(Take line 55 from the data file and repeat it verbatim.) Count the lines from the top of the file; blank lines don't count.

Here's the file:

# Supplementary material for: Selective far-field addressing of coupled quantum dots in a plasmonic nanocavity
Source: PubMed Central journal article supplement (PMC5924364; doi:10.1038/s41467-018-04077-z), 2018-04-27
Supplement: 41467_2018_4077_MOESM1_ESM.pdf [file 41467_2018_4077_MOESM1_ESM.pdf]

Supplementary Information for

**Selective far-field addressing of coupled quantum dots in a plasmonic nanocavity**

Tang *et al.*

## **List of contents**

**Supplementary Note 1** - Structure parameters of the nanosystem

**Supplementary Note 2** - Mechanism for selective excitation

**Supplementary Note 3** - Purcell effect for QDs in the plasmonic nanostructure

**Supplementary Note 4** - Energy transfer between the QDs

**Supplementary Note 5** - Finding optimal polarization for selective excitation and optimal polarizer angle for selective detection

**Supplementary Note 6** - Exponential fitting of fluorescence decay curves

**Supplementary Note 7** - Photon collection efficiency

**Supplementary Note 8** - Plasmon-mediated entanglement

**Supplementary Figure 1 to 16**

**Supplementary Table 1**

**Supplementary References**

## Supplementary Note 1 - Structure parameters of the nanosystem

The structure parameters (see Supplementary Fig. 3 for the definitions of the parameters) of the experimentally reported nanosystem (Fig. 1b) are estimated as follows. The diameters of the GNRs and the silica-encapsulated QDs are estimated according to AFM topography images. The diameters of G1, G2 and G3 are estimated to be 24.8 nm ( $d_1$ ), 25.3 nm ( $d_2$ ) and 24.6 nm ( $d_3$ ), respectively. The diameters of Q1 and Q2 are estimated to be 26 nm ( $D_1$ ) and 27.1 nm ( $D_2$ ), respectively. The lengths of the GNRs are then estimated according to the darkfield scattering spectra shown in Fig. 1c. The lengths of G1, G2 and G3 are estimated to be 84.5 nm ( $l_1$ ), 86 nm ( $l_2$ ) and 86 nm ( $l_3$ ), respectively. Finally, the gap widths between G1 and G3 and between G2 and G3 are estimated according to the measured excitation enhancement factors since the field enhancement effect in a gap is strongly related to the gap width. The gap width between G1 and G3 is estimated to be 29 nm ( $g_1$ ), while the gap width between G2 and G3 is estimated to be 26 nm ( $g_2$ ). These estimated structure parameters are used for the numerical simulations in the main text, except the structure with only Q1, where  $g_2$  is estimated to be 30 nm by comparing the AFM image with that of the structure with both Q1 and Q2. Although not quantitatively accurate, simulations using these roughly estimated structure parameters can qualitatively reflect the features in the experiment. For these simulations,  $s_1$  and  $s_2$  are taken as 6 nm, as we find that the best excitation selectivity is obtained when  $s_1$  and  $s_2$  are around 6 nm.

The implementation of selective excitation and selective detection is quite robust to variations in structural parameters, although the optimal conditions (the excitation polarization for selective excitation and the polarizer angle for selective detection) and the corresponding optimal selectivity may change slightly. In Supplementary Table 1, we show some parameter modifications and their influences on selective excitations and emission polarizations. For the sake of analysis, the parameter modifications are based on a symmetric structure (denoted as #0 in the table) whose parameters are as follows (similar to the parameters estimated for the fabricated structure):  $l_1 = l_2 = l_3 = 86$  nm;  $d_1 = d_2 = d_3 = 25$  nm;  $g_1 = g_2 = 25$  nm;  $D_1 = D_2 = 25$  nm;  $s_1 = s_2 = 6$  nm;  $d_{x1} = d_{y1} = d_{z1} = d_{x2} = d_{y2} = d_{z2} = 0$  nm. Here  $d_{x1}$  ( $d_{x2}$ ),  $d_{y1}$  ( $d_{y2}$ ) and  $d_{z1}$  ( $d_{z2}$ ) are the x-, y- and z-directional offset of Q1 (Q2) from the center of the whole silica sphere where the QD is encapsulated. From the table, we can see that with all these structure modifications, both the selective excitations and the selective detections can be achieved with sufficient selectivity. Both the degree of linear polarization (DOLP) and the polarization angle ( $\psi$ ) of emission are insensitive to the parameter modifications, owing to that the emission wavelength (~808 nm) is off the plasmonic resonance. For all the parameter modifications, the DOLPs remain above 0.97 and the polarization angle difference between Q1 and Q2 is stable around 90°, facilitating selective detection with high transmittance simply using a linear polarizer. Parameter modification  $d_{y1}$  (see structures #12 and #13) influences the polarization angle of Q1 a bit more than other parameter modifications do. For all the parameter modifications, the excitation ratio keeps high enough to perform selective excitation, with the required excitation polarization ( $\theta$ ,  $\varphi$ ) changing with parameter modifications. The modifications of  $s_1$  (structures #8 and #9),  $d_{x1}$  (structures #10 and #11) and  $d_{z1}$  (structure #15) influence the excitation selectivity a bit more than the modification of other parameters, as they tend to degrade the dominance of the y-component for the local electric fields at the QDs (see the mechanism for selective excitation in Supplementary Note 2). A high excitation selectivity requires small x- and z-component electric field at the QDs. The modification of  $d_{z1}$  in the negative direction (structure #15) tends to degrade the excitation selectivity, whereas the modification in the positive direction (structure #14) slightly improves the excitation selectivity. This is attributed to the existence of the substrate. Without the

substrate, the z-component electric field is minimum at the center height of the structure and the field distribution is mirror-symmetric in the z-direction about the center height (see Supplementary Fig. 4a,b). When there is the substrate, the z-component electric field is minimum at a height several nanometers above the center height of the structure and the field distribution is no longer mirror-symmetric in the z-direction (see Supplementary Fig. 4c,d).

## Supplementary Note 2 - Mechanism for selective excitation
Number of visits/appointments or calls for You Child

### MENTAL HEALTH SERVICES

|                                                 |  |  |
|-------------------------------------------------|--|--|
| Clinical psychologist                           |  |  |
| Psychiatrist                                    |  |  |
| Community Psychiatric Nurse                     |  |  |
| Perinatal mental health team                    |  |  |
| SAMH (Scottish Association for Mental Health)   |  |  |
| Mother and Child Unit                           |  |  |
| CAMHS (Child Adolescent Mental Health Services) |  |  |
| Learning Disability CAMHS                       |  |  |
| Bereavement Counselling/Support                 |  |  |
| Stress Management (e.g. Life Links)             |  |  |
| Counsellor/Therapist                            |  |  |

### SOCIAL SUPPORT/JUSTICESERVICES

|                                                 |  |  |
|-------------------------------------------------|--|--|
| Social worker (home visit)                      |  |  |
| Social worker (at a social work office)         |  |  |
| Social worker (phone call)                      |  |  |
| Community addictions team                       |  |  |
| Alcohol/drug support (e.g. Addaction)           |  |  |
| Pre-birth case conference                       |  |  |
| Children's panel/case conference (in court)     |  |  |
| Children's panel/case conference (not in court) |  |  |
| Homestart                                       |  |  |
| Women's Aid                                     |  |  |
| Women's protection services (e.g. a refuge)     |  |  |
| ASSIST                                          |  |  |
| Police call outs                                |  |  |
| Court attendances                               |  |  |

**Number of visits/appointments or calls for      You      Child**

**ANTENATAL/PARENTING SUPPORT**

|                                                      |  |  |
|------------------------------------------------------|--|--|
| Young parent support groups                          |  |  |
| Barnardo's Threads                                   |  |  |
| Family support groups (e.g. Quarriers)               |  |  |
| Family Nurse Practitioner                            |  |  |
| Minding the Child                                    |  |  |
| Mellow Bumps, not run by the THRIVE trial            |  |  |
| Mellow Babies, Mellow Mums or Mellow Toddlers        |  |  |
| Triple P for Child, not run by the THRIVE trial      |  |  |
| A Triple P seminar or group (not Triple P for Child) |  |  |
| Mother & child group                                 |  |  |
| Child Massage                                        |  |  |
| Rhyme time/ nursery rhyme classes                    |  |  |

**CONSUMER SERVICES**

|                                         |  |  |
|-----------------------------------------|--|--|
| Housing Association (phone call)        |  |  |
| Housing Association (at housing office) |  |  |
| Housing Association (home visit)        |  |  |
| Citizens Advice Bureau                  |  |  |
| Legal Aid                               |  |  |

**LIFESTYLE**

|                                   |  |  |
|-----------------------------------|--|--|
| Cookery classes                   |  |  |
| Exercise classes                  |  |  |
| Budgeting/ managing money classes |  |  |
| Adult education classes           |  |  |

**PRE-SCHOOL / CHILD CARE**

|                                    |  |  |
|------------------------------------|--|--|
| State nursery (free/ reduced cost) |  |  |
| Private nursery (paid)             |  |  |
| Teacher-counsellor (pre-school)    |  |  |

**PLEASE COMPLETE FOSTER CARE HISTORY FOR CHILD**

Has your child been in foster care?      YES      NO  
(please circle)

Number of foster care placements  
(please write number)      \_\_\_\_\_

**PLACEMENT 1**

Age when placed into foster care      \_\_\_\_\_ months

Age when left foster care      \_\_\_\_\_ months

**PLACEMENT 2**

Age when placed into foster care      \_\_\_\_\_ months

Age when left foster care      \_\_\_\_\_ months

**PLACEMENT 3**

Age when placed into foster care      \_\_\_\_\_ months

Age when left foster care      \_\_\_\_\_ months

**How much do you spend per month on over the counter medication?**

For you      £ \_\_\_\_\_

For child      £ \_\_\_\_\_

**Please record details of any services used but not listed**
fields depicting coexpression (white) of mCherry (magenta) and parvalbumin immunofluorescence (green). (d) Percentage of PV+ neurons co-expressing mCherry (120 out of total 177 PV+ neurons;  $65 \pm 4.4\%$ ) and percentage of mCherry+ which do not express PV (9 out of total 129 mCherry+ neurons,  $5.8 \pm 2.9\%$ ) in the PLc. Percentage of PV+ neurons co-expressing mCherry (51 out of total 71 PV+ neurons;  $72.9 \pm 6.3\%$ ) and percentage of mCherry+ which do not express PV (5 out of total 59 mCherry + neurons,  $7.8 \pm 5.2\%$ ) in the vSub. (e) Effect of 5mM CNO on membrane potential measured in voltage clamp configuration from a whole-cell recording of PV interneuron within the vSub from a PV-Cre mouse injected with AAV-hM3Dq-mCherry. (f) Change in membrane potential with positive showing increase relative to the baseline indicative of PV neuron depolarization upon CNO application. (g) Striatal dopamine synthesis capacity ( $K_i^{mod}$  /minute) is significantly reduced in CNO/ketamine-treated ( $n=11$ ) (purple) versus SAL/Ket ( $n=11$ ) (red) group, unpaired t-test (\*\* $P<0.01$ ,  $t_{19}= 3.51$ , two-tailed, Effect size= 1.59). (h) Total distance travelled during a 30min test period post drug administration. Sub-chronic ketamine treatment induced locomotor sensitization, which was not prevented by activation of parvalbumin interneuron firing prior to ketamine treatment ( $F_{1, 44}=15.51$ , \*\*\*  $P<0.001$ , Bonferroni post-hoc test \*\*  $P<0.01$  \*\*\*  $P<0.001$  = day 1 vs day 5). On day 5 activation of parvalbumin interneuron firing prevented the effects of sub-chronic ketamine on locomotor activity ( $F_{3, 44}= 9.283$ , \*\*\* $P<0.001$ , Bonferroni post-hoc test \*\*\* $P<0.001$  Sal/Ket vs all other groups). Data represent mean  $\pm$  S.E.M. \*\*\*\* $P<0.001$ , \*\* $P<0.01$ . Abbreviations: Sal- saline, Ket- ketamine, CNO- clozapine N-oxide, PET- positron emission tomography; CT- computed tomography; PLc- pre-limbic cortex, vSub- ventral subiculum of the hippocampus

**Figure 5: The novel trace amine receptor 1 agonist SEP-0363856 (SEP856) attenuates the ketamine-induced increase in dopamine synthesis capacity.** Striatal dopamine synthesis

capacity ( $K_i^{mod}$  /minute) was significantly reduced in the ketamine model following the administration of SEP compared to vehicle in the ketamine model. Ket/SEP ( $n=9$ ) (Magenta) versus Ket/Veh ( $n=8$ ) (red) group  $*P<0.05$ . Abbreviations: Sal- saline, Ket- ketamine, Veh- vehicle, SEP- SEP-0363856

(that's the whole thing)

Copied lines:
| Court attendances                               |  |  |